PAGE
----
INDIANAPOLIS – After years of work, Indiana is weeks away from opening the first half of the Interstate 69 extension thats slated to eventually run from the states southwest corner to Indianapolis.
The Indiana Department of Transportation said Friday that a 67-mile section of the highway from Evansville to near the Crane Naval Surface Warfare Center will open Nov. 19. That stretch is roughly the first half of the planned $3 billion, 142-mile highway that was announced in early 2003.
INDOT said the section will connect communities from just northeast of Evansville at I-64 to the U.S. 231 interchange about 20 miles southwest of Bloomington. Construction began in 2008.
The I-69 project has been the subject of numerous lawsuits filed by environmentalists and others who supported an alternative proposal to upgrade existing highways.
Opponents contend the highway, two-thirds of which is being built over never-paved areas, will damage sensitive ecosystems and wont live up to state officials claims of quicker travel times and an economic boost for the rural, isolated region.
Gov. Mitch Daniels said Friday that the states 75-year Indiana Toll Road lease to private operators for $3.8 billion helped the state deliver the first half of the highway years ahead of schedule.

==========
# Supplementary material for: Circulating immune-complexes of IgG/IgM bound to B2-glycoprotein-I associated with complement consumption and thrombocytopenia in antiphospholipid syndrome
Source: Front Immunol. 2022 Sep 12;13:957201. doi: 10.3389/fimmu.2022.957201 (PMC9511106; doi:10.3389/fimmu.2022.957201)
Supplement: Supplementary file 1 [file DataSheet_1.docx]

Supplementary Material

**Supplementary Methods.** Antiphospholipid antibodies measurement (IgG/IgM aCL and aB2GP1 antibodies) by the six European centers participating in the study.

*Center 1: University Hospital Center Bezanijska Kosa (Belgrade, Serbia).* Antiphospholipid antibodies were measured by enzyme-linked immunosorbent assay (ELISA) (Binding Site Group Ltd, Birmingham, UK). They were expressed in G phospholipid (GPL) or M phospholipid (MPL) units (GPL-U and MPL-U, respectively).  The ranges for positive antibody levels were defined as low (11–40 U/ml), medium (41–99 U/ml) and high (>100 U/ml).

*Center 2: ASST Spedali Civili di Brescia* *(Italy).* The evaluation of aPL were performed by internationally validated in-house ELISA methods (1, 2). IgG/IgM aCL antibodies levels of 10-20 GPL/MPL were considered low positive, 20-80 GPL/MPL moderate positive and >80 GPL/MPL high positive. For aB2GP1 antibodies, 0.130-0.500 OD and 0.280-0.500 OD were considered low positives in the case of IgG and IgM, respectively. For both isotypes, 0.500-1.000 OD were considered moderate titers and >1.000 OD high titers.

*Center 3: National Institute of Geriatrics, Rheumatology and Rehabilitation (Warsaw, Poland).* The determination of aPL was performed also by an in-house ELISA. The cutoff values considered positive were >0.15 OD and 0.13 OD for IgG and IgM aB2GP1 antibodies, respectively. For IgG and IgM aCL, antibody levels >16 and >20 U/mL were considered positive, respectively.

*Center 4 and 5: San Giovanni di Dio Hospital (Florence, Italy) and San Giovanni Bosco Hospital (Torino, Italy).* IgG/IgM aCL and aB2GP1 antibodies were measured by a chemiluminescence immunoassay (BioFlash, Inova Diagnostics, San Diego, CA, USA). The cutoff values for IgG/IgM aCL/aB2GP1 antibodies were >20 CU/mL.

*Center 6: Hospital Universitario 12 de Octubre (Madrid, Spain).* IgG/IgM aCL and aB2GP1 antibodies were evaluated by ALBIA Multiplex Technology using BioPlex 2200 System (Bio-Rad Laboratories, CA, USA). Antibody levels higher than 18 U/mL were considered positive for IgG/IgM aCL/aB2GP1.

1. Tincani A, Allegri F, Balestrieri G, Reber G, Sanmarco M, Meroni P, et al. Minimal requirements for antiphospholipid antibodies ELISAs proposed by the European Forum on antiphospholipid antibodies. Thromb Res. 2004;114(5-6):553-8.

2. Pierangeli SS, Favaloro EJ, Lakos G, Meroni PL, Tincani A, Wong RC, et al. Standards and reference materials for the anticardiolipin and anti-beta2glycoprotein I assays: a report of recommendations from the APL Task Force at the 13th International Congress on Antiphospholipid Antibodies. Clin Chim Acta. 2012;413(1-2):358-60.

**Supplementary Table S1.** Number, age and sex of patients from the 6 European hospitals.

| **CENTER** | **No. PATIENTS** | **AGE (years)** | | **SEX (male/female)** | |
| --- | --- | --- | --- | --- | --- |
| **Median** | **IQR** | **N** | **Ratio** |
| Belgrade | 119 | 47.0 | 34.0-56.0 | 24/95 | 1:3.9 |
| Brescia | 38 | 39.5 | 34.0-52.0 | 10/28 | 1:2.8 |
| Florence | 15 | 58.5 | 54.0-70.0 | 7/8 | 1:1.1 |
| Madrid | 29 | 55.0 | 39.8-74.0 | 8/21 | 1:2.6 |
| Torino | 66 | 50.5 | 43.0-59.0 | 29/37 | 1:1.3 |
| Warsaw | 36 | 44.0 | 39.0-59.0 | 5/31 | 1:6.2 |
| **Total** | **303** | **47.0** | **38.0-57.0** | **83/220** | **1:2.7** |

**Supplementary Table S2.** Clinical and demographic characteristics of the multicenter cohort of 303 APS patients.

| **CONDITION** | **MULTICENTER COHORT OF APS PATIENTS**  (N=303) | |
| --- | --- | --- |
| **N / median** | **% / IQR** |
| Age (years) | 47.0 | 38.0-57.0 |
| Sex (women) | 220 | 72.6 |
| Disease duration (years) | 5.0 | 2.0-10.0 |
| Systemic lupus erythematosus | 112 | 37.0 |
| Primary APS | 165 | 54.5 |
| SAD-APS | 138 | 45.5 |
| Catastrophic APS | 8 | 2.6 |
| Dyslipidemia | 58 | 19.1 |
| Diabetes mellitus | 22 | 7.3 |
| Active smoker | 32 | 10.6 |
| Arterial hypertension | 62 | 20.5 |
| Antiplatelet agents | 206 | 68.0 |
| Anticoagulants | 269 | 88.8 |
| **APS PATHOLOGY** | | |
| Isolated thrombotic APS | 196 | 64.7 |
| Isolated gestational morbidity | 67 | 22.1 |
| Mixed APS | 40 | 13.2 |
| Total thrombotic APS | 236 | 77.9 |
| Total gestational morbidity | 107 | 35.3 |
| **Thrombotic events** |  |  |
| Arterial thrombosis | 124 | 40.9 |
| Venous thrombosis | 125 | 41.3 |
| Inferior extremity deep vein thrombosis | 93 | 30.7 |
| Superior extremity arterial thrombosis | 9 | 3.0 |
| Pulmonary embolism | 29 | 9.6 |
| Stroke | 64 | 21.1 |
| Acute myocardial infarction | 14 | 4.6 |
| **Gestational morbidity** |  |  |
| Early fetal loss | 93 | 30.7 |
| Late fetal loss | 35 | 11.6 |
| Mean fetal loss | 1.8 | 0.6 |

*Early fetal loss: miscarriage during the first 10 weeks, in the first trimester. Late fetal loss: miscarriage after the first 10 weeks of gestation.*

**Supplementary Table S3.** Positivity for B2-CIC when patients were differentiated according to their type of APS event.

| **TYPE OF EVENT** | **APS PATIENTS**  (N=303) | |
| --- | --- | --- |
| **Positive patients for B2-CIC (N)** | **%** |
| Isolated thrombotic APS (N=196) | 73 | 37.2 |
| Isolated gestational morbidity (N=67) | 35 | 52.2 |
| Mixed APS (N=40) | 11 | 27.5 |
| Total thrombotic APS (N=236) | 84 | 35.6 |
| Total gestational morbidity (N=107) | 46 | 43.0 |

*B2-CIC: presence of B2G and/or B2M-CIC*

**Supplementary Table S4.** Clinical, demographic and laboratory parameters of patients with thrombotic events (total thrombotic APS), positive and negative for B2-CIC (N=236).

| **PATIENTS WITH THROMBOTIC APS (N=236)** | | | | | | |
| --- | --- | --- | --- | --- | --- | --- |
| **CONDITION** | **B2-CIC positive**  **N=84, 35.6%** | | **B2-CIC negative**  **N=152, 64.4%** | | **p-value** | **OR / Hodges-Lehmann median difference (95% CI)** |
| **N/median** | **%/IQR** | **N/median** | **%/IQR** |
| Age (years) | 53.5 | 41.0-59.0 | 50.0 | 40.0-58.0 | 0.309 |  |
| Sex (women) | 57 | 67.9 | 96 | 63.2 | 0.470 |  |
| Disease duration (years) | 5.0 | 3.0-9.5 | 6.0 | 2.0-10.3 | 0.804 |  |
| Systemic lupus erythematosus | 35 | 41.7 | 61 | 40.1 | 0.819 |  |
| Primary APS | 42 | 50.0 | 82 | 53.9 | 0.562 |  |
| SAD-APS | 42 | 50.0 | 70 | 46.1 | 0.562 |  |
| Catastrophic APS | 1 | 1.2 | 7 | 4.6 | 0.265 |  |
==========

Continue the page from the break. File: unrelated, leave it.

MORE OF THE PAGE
Many people said this interstate expansion wouldnt happen in their lifetime, but its now poised to open and the result will be greater economic opportunity, faster and safer travel, improved connectivity, easier access for leisure travel and more, he said.
Money from the leasing paid for most of the 67 miles of new highway, which cost $620 million – about $80 million under its construction budget, said INDOT spokesman Will Wingfield said.
Over the coming weeks, Wingfield said, crews will finish the section by completing a concrete deck and railing along a 4,400-foot-long bridge through the Patoka River Wildlife Refuge.
Wingfield said the next section – a 27-mile stretch that will run from Crane to just south of Bloomington – is scheduled to open in late 2014. Its projected to cost about $600 million and will cut across a rugged, wooded area filled with caves, springs and sinkholes. Environmentalists warn the area is highly sensitive and harbors populations of the federally endangered Indiana bat.
Wingfield said its uncertain when the final two sections – from Bloomington to Martinsville and Martinsville to Indianapolis – would be complete. Those segments remain in the design and environmental study phase.